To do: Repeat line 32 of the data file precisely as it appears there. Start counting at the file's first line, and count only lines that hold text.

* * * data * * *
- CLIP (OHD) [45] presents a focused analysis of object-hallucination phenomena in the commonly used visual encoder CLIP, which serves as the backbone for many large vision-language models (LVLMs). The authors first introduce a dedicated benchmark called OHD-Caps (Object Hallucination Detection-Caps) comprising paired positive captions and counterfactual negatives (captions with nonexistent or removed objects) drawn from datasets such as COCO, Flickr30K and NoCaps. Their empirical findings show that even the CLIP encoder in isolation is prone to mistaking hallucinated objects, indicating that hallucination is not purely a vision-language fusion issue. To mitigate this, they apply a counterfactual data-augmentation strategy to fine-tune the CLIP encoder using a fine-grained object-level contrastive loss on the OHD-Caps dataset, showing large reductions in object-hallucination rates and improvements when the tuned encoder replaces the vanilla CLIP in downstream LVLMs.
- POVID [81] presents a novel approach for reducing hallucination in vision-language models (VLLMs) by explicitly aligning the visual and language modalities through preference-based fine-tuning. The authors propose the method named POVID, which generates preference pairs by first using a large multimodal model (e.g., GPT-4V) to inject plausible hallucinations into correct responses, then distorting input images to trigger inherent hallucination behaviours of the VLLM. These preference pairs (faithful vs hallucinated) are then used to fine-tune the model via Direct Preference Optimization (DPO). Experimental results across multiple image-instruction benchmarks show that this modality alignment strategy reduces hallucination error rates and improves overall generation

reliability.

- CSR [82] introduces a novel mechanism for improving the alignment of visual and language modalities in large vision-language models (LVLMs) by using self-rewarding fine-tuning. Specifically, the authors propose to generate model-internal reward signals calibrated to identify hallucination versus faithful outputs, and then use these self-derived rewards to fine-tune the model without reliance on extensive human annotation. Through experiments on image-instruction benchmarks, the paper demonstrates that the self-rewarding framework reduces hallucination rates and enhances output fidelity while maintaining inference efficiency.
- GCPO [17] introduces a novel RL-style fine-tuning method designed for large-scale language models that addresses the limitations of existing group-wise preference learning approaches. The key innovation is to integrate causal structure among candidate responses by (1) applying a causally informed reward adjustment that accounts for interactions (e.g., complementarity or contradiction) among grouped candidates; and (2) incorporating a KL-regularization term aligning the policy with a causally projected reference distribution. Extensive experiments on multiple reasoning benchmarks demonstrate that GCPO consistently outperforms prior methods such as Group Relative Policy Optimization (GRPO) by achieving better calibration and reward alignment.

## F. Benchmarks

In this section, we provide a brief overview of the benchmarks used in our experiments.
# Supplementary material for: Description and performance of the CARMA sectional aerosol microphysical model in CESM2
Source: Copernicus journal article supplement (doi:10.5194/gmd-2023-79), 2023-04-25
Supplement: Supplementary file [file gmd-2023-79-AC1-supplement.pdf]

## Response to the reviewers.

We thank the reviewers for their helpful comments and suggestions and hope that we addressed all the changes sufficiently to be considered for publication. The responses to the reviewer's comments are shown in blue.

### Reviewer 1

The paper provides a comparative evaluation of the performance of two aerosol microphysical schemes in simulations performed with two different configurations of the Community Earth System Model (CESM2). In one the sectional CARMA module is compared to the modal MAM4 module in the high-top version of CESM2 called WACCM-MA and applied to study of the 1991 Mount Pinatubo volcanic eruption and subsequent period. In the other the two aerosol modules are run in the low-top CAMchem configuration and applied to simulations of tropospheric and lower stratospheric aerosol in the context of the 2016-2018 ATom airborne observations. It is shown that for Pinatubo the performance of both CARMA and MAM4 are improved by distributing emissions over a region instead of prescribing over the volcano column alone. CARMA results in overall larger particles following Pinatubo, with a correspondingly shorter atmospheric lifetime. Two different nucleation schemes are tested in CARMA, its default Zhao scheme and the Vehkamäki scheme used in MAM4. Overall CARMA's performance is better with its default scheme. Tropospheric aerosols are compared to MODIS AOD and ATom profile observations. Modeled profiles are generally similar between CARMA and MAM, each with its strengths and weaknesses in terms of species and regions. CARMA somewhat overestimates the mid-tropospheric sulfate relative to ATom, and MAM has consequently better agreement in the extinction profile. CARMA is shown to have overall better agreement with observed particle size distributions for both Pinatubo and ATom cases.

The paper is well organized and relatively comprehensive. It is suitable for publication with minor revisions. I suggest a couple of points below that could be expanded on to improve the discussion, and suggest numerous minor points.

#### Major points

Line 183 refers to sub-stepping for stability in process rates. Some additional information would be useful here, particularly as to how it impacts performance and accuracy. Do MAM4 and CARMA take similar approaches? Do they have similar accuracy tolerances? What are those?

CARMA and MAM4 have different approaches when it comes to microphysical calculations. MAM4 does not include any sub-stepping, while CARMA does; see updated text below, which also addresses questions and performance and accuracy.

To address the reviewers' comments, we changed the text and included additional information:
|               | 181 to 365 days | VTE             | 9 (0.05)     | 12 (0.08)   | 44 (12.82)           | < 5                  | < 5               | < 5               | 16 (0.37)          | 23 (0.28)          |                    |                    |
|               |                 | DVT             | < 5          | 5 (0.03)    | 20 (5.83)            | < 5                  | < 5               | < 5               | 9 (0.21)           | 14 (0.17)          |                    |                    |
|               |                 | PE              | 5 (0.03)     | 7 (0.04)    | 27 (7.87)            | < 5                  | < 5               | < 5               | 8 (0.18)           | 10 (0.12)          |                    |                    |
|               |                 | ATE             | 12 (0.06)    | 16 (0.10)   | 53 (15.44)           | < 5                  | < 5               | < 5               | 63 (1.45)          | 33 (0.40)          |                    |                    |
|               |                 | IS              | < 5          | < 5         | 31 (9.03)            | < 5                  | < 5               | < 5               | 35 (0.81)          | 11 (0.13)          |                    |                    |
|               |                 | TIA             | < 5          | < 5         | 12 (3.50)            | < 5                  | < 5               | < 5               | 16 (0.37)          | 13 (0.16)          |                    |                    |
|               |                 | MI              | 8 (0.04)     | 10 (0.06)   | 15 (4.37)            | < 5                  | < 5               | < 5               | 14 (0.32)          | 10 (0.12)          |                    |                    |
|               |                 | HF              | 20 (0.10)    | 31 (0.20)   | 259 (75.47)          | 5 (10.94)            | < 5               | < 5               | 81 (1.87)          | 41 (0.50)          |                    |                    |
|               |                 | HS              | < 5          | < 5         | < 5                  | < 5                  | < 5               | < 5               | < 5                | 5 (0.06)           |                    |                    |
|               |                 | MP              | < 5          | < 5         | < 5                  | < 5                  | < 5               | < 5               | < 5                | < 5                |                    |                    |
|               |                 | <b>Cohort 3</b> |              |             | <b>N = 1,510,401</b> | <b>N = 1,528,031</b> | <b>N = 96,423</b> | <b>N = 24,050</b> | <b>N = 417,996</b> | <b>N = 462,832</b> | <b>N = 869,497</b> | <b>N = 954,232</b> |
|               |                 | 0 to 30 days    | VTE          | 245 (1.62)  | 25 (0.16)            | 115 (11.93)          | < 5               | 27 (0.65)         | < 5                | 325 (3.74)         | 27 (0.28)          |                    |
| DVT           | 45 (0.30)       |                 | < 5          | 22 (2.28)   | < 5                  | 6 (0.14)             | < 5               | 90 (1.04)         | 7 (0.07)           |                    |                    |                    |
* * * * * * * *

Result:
| DVT           | 45 (0.30)       |                 | < 5          | 22 (2.28)   | < 5                  | 6 (0.14)             | < 5               | 90 (1.04)         | 7 (0.07)           |                    |                    |                    |